Clear Eyes, Full Shelves - A blog for readers featuring book reviews, television snark, opinions and other nerdiness. (Still running)
A weekly discussion and review of books for children, tweens, and teens by librarians. (Still running)
First Draft with Sarah Enni -
Podcast interview series featuring authors, an epic road trip, music, bookstores, tall tales & more, hosted by Sarah Enni. (Still running)
“ A great sorrow, and one that I am only beginning to understand: we don’t get to choose our own hearts. We can’t make ourselves want what’s good for us or what’s good for other people. We don’t get to choose the people we are”
This website doesn’t flip out about Agatha Christie nearly as much as it needs to. She aided and nursed WW1 soldiers while writing cold blooded muder for kicks, formed an all girl theatre group with her pals, went on to write the longest running play and once vanished, throwing the whole nation into panic-mode and they couldn’t find her for ages because she had lodged under the name of the woman her husband wanted to dump her for.
you said you were working on reading 10 trans and wlw books this year but you didn't mention what they were!
THAT WAS REMISS OF ME, because so far they’ve been mostly friggin’ awesome:
The Abyss Surrounds Us by Emily Skrutskie ♥ (wlw 1/10) – light sci-fi, light dystopian, LESBIAN MOTHERFUCKING PIRATES!!!!!!!!
This Is How It Always Is by Laurie Frankel ♥ (trans 1/10) – this is what I was reading when I made that post, and it ended up being the borderline-literary, adult fiction, family + trans kid saga of my dreams
Luna by Julie Anne Peters (trans 2/10) – old enough to be considered a Classic of the very small, very niche genre, but is now suuuuper dated compared to everything else on this list (that possibly makes it required reading, tbh)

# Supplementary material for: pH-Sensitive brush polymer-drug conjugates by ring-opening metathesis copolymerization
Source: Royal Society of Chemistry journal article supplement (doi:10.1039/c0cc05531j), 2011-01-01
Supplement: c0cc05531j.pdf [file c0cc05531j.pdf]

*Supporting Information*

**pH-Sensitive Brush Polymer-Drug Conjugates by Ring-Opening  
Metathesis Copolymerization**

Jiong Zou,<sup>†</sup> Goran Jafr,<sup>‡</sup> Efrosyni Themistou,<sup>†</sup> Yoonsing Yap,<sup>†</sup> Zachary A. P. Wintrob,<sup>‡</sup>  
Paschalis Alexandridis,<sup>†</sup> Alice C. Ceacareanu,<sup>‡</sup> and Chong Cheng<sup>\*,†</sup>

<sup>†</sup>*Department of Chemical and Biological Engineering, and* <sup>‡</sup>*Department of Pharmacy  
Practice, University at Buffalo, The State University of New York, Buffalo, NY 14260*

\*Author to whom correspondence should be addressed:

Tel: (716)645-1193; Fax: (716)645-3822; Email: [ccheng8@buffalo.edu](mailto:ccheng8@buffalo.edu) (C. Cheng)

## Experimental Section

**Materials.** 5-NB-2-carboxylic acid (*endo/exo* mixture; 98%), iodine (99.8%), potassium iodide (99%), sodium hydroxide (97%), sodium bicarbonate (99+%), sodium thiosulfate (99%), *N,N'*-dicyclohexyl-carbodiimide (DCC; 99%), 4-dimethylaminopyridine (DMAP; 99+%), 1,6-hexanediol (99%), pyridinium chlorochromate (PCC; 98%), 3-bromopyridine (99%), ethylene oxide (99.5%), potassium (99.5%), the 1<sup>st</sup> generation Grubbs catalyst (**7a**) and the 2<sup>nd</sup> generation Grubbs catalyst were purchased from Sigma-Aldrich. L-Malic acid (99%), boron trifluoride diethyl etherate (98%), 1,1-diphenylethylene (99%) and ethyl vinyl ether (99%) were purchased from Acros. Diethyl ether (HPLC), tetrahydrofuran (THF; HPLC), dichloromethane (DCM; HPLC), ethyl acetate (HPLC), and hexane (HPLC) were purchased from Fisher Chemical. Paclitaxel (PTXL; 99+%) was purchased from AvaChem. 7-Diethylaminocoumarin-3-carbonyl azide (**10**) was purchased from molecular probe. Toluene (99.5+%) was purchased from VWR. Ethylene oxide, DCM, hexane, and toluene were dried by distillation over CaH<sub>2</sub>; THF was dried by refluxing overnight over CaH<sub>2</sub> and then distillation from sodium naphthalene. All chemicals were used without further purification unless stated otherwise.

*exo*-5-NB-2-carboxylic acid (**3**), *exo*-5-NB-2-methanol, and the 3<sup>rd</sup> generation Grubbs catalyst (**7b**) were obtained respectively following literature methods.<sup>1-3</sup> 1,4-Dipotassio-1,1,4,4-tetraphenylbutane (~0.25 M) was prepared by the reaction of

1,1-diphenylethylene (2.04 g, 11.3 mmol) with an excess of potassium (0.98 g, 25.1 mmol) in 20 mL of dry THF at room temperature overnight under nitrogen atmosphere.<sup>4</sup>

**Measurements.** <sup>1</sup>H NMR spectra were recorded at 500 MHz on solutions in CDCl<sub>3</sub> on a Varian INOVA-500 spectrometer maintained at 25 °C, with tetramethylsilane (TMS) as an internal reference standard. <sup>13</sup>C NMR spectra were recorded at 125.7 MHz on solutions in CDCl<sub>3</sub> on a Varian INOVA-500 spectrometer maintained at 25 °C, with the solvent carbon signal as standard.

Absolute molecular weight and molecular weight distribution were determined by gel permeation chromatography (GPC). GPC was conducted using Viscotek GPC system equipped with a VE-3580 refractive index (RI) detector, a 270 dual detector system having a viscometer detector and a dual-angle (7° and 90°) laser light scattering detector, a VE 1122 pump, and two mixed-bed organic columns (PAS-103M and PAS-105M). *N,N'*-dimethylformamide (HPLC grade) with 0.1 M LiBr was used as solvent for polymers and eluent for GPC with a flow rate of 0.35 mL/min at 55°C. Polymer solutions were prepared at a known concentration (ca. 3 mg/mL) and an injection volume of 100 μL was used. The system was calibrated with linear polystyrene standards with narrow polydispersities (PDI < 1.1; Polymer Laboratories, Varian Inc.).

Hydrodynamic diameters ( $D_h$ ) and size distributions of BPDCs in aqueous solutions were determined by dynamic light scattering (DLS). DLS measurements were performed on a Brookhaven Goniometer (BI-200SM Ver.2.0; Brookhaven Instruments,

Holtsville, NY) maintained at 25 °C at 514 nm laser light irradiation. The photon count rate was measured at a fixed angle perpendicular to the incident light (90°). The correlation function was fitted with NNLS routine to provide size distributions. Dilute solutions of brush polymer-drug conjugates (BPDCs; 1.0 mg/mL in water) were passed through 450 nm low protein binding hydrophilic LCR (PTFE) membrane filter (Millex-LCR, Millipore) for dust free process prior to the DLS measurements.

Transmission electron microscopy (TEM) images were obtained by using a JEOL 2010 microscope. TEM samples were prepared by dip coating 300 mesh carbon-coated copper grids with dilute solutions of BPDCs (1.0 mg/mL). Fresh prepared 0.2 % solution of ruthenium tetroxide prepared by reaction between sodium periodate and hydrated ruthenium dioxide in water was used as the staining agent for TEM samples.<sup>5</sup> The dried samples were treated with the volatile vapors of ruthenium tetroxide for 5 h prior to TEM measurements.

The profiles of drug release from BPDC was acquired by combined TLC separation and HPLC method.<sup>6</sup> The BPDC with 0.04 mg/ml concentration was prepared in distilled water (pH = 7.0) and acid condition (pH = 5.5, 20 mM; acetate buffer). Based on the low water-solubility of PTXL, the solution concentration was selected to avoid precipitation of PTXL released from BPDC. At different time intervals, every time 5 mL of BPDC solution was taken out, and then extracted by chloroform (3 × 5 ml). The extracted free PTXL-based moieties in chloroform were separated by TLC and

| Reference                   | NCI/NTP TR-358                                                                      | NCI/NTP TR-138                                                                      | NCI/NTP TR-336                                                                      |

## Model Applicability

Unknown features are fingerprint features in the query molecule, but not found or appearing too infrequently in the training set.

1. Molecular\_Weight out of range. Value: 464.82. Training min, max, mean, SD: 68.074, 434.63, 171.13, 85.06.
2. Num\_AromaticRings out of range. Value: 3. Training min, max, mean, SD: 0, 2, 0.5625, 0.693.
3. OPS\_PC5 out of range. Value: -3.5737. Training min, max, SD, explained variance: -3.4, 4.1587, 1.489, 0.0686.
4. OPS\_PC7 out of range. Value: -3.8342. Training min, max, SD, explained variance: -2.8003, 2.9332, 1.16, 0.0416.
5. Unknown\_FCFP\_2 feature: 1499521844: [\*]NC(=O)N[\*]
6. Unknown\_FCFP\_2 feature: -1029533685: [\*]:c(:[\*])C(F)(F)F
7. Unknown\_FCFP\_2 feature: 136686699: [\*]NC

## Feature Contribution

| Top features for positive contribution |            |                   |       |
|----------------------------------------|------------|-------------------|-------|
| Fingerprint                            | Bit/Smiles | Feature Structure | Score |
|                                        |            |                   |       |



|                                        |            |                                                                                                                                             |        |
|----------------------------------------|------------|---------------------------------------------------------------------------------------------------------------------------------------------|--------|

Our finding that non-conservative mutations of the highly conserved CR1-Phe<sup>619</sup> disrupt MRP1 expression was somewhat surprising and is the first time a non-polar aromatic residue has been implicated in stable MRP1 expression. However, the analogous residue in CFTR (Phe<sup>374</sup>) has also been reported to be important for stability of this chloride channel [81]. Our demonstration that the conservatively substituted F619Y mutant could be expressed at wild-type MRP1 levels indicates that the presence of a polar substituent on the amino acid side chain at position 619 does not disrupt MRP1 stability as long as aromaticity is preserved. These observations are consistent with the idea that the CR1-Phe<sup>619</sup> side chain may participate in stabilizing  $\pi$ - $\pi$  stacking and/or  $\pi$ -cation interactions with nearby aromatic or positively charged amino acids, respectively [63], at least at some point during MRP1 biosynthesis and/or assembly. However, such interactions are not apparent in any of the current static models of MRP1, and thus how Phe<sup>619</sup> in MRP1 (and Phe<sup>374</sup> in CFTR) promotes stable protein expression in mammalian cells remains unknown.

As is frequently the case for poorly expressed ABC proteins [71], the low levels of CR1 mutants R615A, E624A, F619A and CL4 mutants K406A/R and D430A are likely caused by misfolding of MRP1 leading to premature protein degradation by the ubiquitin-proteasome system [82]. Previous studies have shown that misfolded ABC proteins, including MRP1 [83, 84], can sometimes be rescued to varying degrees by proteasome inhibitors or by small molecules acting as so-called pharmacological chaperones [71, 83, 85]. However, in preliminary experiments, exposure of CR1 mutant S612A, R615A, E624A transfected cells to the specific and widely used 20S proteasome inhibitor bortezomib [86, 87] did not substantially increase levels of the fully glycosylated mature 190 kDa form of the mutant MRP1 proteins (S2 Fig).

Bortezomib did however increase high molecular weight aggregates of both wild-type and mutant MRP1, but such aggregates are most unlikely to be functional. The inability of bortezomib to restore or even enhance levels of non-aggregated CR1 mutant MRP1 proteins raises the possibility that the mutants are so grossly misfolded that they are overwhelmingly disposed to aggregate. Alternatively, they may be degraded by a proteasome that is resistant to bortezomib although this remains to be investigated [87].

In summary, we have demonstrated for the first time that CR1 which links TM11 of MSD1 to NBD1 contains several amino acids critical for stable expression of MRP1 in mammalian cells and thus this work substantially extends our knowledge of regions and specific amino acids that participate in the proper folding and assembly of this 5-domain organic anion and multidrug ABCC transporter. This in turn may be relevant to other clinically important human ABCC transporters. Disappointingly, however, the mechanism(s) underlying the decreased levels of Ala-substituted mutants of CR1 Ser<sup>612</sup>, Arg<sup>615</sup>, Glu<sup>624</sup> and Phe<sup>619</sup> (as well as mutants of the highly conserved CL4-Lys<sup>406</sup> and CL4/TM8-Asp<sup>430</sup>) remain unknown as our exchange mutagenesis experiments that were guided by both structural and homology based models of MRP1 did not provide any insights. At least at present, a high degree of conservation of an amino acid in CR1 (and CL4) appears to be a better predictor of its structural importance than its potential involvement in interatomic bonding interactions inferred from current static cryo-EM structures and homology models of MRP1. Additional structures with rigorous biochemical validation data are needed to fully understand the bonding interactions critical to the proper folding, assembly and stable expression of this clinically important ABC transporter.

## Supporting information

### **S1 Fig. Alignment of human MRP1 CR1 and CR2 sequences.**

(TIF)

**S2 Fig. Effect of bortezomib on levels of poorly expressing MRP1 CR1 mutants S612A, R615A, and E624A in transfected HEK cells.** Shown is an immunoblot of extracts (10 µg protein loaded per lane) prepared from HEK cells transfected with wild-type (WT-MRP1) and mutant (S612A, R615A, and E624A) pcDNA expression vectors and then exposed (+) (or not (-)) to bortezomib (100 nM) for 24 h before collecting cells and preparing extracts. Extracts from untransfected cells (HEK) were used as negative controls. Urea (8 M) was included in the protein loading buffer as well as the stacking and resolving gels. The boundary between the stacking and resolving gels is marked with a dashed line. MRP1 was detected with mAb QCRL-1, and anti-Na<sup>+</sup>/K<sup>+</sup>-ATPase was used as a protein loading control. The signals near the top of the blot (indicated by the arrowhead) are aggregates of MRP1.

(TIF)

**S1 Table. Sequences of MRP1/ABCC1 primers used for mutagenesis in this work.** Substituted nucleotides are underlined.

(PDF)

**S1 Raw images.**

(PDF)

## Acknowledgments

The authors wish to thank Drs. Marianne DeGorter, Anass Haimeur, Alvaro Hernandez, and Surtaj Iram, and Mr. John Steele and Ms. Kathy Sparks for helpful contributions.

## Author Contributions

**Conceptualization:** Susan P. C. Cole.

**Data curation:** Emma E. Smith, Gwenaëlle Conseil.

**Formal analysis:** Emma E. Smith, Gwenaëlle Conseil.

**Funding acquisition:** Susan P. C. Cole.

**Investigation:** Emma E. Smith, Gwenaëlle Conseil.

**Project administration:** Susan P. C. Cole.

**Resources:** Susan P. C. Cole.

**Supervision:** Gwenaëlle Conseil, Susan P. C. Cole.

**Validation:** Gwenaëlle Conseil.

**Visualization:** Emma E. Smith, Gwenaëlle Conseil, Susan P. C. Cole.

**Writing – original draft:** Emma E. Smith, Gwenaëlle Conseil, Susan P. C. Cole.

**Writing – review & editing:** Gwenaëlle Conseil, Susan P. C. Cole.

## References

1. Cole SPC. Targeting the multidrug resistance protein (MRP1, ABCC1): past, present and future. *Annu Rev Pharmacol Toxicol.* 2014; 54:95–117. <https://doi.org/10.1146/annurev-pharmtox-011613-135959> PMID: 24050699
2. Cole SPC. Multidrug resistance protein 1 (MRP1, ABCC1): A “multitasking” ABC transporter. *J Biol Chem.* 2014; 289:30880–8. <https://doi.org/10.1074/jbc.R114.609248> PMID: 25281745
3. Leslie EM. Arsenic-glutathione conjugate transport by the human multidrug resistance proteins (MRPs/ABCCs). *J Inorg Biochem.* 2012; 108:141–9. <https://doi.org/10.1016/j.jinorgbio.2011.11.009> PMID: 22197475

Beast by Brie Spangler ♥ (trans 3/10) – I absolutely loved this book! it’s ANOTHER boy meets girl ~*~with a secret~*~ (i.e. she’s trans) book but actually really refreshing and lovely
Coffee Boy by Austin Chant (trans 4/10) – this is more of a novella than a novel and also NOTHING HAPPENS but it was still cute
Peter Darling by Austin Chant ♥ (trans 5/10) – PETER PAN SEQUEL IN WHICH PETER IS TRANS AND COMES BACK TO NEVERLAND AS A GROWN UP AND FALLS IN LOVE WITH HOOK, A.K.A. MY DREAM BOOK
We Are Okay by Nina LaCour (wlw 2/10) – a lovely, quiet, sad-but-hopeful book (in which the protagonist just happens to be gay)
The Argonauts by Maggie Nelson (trans) – I’m not counting this towards my goal of 10 because it’s a memoir by someone who’s married to a trans man rather than A Novel About A Trans Person, but it was a really great read!
Days Without End by Sebastian Barry ♥ (trans 6/10) – one of the most fulfilling Book Surprises of my life was realising that Thomas is trans!!! the cherry on top of an already stunningly beautiful and moving novel
This Is Where It Ends by Marieke Nijkamp (wlw 3/10) – I wasn’t mad about this book, but two of the POV characters are lesbians who’re in a relationship with each other (and iirc they’re the only relationship in the book) so it counts I guess
Hold Your Own by Kate Tempest (trans) – this poem is trans in a THE GODS HATH TVRNED ME INTO A WOMAN way rather than a regular trans way, so I’m not counting it, but it was ELECTRIFYING and I loved it